Smallholder livestock producers are a diverse population with wide ranging motivations for keeping livestock. The biosecurity risk posed by smallholders has been the subject of much conjecture, with comparisons often made between the level of animal health and biosecurity knowledge of smallholders, versus that of commercial livestock producers. This research aimed to gain a better understanding of current knowledge of smallholder production in Australia, particularly in relation to biosecurity and emergency animal disease, and to investigate the relationships that exist between smallholders and the organisations and individuals from which they seek information, assistance and support. Engagement with stakeholders is an important component of an effective biosecurity communication strategy as the dissemination of biosecurity related information from a single source cannot be expected to satisfy the needs of such a broad ranging population. A qualitative study involving a review of literature, semi-structured interviews with government and non-government stakeholders and the development of smallholder and stakeholder influence and interest grids was undertaken. This paper forms part of a broader mixed methods research project among smallholders. Results from the stakeholder analysis showed variation in the parameters used to define smallholders and in the level of stakeholder involvement. Smallholders identified breeding consultants, other producers, private veterinarians and family, friends and colleagues as having a significant to high level of interest and potential to influence their practices. Government agencies were perceived to only have some level of interest but significant influence. Industry stakeholders and rural suppliers were positioned in the quadrant reflecting perceived low levels of interest and influence. The interest and influence grid developed from stakeholder's perspectives demonstrate a clustering around the mid points for both interest and influence, with the exception of those from industry who described low levels of interest and influence. Commonwealth and State government stakeholders reported a higher level of interest than influence. Veterinarians, both government and private, reported some to significant levels of interest and influence. In contrast to the results from the smallholder grid, rural suppliers reported relatively high levels of both interest and influence. The current study demonstrates that to maximise the effectiveness of biosecurity communication, there is a need for government and industry organisations to further engage with all stakeholders involved with smallholders.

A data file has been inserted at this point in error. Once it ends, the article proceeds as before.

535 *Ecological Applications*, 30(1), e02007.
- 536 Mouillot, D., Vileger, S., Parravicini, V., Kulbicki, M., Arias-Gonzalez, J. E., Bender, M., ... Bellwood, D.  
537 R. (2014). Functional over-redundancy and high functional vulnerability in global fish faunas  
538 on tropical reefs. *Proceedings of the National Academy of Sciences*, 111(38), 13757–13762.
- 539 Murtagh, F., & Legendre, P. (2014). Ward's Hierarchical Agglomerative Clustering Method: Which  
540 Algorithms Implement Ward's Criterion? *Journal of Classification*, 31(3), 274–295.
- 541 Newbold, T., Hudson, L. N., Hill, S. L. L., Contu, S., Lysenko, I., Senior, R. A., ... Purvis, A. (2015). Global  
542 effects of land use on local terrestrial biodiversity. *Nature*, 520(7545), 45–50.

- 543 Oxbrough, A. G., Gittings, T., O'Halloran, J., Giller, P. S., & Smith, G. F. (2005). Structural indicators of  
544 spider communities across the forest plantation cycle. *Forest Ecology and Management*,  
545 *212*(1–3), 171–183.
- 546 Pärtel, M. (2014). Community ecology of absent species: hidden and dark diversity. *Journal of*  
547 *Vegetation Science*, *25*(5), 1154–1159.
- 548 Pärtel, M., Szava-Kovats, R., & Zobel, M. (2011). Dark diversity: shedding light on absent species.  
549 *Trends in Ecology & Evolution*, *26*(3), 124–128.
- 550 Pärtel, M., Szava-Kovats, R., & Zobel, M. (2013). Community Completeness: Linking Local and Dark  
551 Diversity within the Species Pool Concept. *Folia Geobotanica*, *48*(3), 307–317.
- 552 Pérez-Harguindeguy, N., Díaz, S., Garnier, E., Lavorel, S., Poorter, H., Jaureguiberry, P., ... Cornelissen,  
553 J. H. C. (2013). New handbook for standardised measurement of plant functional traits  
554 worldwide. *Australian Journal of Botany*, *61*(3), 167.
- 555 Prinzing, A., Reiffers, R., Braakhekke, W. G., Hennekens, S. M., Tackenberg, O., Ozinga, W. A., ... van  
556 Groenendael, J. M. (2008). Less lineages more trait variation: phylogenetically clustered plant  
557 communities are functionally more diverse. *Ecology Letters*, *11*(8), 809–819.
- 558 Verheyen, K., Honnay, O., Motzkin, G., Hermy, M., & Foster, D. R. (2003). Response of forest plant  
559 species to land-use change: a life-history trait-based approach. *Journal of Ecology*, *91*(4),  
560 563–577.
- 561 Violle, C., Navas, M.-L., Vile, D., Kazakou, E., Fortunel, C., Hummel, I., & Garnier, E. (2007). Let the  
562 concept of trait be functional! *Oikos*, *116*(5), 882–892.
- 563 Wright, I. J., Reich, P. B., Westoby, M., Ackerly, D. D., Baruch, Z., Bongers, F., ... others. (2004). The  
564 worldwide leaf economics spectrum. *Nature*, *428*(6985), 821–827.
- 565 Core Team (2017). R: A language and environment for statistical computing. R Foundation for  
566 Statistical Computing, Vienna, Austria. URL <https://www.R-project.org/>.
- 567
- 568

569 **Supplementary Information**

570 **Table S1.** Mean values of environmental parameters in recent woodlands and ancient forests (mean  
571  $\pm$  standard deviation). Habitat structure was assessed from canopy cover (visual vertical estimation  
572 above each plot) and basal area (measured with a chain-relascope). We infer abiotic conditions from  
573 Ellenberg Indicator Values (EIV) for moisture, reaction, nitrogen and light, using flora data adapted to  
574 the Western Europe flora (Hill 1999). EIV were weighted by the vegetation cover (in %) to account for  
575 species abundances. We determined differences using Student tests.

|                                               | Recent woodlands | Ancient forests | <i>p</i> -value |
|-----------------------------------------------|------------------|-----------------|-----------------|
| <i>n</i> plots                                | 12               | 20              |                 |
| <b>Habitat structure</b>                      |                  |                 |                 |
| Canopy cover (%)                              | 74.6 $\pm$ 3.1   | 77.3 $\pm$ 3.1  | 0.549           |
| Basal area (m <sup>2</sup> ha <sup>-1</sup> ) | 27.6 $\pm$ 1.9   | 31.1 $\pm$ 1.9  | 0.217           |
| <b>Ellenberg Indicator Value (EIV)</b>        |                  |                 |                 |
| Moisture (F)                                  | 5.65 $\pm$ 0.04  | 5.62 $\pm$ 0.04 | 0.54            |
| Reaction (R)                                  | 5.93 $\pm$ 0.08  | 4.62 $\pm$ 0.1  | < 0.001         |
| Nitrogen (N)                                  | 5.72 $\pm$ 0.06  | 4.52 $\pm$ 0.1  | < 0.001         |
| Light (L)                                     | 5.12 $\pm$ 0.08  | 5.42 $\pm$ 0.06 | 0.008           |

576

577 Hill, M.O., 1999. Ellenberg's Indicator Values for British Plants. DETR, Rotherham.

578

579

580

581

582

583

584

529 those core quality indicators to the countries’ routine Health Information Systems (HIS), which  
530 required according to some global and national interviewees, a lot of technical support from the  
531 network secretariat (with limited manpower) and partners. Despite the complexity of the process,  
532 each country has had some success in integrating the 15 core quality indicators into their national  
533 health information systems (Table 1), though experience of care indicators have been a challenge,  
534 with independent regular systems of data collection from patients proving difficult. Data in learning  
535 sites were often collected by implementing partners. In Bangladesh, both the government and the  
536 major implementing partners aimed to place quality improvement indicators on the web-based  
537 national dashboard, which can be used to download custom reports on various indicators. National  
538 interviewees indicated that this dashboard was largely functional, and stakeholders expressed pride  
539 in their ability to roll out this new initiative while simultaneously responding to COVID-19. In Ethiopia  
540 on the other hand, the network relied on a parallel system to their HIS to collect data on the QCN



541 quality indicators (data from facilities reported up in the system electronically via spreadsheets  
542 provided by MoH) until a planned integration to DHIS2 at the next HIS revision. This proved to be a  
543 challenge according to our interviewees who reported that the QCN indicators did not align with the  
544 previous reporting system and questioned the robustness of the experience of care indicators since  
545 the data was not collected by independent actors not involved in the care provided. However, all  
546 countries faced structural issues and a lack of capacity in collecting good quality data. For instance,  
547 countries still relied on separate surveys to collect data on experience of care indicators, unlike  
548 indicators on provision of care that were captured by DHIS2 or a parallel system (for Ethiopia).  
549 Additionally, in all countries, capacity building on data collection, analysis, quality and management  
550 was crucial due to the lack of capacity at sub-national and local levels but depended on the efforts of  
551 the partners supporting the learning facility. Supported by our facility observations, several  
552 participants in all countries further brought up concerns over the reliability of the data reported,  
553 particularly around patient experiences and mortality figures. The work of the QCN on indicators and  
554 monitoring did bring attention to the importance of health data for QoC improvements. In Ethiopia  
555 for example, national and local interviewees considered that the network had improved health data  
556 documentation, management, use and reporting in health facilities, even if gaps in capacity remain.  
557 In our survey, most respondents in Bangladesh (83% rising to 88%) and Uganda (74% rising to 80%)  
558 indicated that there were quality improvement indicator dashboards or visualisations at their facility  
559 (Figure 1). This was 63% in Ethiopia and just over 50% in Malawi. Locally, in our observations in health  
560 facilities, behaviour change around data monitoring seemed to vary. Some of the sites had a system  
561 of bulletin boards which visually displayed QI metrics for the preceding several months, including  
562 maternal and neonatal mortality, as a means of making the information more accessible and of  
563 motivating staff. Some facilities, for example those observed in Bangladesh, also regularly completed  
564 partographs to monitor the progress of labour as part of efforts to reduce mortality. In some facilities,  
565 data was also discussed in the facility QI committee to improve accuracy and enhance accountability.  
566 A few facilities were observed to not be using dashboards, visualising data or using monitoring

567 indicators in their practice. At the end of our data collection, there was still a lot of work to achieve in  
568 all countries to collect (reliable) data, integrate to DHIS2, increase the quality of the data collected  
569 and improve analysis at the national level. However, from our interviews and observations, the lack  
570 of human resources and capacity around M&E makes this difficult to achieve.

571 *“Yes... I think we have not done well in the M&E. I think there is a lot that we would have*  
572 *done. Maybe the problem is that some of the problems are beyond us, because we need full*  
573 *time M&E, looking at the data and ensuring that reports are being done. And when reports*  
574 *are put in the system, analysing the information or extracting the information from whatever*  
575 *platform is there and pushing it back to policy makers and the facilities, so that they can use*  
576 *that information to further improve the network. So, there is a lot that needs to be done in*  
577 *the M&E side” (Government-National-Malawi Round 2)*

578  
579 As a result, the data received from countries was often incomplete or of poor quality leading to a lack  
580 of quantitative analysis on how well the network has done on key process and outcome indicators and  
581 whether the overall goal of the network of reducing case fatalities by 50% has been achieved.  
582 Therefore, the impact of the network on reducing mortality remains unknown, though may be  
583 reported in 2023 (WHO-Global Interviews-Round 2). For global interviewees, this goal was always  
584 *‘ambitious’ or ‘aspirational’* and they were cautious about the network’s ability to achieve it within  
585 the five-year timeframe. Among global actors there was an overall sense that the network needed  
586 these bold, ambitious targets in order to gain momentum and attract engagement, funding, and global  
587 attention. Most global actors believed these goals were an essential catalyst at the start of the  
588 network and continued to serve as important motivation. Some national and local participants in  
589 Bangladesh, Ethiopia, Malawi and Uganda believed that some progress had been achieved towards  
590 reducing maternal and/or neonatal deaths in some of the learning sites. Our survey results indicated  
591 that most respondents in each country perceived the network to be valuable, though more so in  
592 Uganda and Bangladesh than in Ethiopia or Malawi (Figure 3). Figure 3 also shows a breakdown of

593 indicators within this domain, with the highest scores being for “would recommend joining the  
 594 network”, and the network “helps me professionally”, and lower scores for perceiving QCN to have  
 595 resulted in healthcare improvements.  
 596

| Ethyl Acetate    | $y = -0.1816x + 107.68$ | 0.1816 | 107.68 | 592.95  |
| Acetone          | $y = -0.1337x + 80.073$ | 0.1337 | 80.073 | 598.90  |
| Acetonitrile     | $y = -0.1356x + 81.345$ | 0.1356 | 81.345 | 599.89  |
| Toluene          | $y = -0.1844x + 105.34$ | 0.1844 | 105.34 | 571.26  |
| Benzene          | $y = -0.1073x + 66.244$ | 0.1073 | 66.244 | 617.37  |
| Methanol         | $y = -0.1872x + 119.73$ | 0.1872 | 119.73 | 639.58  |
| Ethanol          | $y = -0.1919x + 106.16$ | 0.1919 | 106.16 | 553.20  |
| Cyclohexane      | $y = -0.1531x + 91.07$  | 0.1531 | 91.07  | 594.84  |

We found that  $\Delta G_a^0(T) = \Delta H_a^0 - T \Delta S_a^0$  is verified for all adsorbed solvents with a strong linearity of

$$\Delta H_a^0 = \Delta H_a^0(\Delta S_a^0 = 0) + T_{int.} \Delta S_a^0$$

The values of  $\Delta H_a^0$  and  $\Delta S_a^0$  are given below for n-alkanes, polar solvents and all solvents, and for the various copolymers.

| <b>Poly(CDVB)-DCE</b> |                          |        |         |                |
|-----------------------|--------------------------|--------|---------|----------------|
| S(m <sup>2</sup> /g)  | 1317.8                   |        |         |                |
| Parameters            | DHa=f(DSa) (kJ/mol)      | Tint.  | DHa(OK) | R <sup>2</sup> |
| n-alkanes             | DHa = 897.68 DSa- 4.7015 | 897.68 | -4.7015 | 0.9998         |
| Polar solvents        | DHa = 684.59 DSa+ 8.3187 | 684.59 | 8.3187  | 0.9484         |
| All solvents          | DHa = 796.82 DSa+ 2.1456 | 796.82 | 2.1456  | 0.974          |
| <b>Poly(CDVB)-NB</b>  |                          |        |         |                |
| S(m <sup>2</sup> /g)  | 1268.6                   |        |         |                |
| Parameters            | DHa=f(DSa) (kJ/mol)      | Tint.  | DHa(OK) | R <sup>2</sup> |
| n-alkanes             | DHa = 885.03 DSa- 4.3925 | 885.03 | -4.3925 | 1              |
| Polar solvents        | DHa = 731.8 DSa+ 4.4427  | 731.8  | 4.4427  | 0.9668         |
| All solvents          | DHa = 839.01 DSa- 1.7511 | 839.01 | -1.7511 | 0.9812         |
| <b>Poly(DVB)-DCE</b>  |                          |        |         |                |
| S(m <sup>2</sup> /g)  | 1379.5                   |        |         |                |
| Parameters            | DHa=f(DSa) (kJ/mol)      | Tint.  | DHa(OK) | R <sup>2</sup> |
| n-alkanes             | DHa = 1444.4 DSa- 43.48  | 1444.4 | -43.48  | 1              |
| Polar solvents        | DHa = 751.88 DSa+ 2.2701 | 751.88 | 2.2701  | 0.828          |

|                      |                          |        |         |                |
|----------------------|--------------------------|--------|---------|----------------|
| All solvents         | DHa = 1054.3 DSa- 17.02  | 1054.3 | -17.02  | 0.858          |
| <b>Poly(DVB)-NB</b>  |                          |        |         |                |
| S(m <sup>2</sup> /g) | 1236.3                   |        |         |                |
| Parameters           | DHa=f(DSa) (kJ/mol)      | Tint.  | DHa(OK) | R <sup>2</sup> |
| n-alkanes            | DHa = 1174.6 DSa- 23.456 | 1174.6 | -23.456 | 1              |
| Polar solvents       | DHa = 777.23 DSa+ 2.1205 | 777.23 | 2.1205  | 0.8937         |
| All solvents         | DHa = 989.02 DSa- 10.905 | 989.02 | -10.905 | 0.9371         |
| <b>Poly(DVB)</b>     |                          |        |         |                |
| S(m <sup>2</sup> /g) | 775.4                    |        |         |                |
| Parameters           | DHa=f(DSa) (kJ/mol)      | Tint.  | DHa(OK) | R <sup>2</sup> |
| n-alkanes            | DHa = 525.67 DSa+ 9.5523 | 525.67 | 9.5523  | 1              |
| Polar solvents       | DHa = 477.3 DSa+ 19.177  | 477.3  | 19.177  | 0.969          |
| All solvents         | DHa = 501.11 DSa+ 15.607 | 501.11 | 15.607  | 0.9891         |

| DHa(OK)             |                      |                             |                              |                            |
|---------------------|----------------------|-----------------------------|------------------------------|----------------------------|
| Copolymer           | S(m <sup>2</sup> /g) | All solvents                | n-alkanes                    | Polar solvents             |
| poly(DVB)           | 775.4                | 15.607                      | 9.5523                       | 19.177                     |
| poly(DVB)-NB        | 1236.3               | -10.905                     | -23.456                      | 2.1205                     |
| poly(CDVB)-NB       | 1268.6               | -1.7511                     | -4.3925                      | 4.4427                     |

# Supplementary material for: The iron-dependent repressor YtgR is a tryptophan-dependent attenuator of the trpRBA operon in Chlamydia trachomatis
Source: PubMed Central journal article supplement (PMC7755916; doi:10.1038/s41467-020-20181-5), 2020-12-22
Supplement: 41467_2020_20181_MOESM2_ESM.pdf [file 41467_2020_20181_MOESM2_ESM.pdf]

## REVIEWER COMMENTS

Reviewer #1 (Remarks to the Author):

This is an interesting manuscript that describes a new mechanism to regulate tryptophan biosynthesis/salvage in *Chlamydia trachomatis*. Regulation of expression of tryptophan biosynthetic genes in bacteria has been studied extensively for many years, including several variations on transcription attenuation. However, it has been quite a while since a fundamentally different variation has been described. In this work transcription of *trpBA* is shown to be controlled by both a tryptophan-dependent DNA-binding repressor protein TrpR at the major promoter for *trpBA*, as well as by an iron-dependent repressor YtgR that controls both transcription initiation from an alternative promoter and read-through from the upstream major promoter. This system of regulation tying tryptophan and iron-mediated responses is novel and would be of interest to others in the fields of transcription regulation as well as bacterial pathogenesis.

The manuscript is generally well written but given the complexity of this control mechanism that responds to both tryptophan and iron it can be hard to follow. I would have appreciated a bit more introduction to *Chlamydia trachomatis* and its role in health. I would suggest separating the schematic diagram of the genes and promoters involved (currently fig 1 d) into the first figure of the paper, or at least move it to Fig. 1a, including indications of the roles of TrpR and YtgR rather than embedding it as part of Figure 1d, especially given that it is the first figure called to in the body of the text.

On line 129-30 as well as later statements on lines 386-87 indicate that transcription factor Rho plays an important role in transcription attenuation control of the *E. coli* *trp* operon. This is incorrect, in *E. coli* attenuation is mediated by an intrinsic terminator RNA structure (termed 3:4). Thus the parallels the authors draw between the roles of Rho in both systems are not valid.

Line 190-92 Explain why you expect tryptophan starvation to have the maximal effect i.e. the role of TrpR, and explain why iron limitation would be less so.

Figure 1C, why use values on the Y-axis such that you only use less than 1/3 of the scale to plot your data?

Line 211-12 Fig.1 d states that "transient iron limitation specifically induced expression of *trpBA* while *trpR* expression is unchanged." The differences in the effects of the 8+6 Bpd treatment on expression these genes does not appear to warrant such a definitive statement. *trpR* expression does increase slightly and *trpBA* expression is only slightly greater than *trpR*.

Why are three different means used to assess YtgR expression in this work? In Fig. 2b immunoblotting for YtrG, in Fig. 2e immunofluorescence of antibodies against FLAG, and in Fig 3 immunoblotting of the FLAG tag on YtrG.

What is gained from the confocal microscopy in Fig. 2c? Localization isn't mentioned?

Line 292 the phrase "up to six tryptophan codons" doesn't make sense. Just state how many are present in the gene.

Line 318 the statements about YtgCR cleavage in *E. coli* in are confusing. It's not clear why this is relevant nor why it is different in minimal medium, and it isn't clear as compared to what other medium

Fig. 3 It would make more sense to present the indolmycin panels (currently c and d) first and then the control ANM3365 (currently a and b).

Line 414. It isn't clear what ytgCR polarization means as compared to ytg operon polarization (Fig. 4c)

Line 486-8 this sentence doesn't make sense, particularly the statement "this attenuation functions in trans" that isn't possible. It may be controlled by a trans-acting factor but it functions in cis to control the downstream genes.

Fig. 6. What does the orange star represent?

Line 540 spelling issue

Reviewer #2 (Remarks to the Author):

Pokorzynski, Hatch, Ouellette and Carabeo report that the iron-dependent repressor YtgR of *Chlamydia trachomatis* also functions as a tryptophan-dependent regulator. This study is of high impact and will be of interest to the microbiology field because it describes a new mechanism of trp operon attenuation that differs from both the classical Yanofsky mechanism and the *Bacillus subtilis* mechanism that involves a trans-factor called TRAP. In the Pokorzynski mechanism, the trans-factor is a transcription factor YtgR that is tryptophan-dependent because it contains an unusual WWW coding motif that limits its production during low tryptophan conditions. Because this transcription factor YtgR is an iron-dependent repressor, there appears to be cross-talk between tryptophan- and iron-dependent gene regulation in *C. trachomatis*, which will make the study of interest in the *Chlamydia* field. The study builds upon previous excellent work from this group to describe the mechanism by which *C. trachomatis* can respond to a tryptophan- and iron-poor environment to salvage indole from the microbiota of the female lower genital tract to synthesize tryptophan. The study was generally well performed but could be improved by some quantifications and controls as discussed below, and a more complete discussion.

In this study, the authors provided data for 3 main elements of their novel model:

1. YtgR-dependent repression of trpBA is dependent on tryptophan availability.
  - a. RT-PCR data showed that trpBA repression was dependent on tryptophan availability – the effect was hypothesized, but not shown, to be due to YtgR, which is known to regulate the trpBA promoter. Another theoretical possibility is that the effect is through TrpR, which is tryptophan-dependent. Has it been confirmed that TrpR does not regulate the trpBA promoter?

Hayes, L., Woodgate, R., Rast, L., Toribio, J-A. L. M. L., & Hernández-Jover, M. (2017). Understanding animal health communication networks among smallholder livestock producers in Australia using stakeholder analysis. Preventive Veterinary Medicine, 144, 89-101. https://doi.org/10.1016/j.prevetmed.2017.05.026